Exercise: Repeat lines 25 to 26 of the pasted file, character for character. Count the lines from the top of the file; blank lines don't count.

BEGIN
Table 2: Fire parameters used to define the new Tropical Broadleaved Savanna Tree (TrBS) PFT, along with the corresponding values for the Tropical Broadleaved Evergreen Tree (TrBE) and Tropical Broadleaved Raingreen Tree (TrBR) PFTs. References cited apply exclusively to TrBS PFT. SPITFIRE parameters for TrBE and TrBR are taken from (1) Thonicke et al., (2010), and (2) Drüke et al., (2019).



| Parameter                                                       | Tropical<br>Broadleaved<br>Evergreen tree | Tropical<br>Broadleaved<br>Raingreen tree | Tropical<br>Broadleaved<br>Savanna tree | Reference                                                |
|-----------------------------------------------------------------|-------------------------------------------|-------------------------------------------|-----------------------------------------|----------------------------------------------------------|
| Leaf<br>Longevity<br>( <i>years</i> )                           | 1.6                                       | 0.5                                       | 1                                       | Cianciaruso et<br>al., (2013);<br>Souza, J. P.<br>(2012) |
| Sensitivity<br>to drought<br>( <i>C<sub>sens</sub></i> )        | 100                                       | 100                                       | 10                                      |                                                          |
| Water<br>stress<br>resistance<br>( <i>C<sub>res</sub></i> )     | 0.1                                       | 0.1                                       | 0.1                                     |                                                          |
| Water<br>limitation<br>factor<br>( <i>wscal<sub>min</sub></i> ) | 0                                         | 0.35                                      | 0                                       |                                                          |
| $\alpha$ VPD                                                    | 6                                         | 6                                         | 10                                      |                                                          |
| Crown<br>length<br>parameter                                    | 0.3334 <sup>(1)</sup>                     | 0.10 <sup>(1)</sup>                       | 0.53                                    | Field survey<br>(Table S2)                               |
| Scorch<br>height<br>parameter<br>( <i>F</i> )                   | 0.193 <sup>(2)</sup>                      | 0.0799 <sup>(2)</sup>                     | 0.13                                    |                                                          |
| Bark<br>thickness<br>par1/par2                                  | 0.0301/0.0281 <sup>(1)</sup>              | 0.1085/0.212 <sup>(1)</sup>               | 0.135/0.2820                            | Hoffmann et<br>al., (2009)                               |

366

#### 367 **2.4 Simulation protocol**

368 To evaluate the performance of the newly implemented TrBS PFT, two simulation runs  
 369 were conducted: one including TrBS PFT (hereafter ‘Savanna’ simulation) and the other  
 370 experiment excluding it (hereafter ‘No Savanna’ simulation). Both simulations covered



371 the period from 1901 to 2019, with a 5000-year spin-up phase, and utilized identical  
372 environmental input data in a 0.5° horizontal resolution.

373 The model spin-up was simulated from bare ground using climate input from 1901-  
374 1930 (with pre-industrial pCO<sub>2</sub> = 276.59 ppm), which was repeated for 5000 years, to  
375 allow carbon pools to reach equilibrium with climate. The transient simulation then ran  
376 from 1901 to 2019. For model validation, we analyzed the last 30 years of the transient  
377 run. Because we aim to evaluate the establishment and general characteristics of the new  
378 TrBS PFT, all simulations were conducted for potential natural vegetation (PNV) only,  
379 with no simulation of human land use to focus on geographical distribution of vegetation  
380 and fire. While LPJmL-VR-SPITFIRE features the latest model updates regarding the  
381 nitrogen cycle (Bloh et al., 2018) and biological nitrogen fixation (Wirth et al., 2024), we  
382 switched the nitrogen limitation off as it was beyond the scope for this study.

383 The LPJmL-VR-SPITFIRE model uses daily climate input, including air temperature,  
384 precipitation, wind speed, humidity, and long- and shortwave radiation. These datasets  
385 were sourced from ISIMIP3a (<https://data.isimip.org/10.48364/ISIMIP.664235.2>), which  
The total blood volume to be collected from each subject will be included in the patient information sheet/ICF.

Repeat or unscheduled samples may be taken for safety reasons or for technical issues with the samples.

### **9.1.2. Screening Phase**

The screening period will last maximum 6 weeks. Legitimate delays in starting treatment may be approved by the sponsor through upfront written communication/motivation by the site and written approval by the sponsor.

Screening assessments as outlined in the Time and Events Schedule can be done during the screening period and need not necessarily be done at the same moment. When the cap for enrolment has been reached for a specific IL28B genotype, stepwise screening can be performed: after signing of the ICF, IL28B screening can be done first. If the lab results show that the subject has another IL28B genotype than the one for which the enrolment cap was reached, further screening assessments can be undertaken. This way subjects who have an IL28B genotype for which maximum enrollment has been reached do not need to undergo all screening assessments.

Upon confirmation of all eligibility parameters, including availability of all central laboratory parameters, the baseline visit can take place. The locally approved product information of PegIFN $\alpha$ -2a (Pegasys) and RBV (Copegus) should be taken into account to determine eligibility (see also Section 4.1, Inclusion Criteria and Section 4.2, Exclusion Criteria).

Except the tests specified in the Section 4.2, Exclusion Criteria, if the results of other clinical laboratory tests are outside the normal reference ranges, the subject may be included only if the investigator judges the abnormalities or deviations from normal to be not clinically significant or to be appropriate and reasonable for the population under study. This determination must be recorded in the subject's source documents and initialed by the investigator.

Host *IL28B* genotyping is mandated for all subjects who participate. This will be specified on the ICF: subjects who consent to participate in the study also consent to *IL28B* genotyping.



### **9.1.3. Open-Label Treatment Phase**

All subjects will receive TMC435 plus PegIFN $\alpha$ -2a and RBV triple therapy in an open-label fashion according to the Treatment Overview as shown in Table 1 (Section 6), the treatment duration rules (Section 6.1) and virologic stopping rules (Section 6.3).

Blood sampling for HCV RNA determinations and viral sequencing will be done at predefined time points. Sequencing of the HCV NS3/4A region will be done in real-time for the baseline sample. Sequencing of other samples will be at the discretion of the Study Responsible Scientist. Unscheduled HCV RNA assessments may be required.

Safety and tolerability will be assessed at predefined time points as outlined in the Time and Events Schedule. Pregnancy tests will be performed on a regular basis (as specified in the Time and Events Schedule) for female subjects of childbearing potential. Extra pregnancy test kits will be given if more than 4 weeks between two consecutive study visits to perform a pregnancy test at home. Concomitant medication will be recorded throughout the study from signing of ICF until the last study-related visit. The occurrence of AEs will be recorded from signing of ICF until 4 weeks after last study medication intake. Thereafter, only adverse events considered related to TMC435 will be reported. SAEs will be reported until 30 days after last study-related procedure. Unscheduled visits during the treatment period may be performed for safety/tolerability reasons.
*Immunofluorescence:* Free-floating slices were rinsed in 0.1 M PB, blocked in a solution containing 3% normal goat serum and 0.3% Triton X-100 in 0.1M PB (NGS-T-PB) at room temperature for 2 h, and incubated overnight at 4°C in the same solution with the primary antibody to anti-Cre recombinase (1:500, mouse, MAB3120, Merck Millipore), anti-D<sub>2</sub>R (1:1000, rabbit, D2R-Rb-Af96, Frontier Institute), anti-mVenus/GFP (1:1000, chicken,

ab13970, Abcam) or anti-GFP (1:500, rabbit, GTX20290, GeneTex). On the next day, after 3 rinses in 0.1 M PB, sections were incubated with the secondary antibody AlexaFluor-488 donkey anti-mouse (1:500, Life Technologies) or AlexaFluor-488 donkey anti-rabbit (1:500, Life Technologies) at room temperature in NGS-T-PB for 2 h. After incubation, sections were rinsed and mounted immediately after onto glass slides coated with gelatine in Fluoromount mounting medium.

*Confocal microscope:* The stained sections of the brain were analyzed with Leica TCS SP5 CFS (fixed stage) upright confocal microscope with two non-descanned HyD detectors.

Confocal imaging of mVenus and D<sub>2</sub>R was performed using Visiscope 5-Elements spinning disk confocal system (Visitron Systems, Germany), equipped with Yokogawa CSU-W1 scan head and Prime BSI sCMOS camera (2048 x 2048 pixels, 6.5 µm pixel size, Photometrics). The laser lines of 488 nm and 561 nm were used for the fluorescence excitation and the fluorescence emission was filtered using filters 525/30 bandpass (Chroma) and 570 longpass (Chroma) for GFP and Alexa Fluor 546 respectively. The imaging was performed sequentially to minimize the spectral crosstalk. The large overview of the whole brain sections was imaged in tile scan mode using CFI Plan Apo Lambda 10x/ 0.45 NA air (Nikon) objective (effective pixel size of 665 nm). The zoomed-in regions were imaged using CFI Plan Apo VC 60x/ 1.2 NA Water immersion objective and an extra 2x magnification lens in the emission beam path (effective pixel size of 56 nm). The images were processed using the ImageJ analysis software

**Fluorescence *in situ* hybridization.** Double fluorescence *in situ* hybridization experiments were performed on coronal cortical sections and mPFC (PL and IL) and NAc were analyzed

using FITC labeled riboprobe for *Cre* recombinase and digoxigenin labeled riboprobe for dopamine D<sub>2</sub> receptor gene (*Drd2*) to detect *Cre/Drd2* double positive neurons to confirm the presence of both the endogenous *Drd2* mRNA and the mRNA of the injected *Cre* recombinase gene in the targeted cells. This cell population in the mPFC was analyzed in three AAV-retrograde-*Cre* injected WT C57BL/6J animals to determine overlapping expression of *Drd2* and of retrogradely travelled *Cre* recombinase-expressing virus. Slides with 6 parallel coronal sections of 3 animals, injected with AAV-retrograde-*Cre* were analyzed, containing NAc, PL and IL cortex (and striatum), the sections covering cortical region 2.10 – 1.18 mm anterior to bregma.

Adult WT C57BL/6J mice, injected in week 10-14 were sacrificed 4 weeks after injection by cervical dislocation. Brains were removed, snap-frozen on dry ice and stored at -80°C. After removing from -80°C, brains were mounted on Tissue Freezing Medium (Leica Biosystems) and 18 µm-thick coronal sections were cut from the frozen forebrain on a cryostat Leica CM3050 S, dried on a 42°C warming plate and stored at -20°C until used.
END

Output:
379 with no simulation of human land use to focus on geographical distribution of vegetation  
380 and fire. While LPJmL-VR-SPITFIRE features the latest model updates regarding the  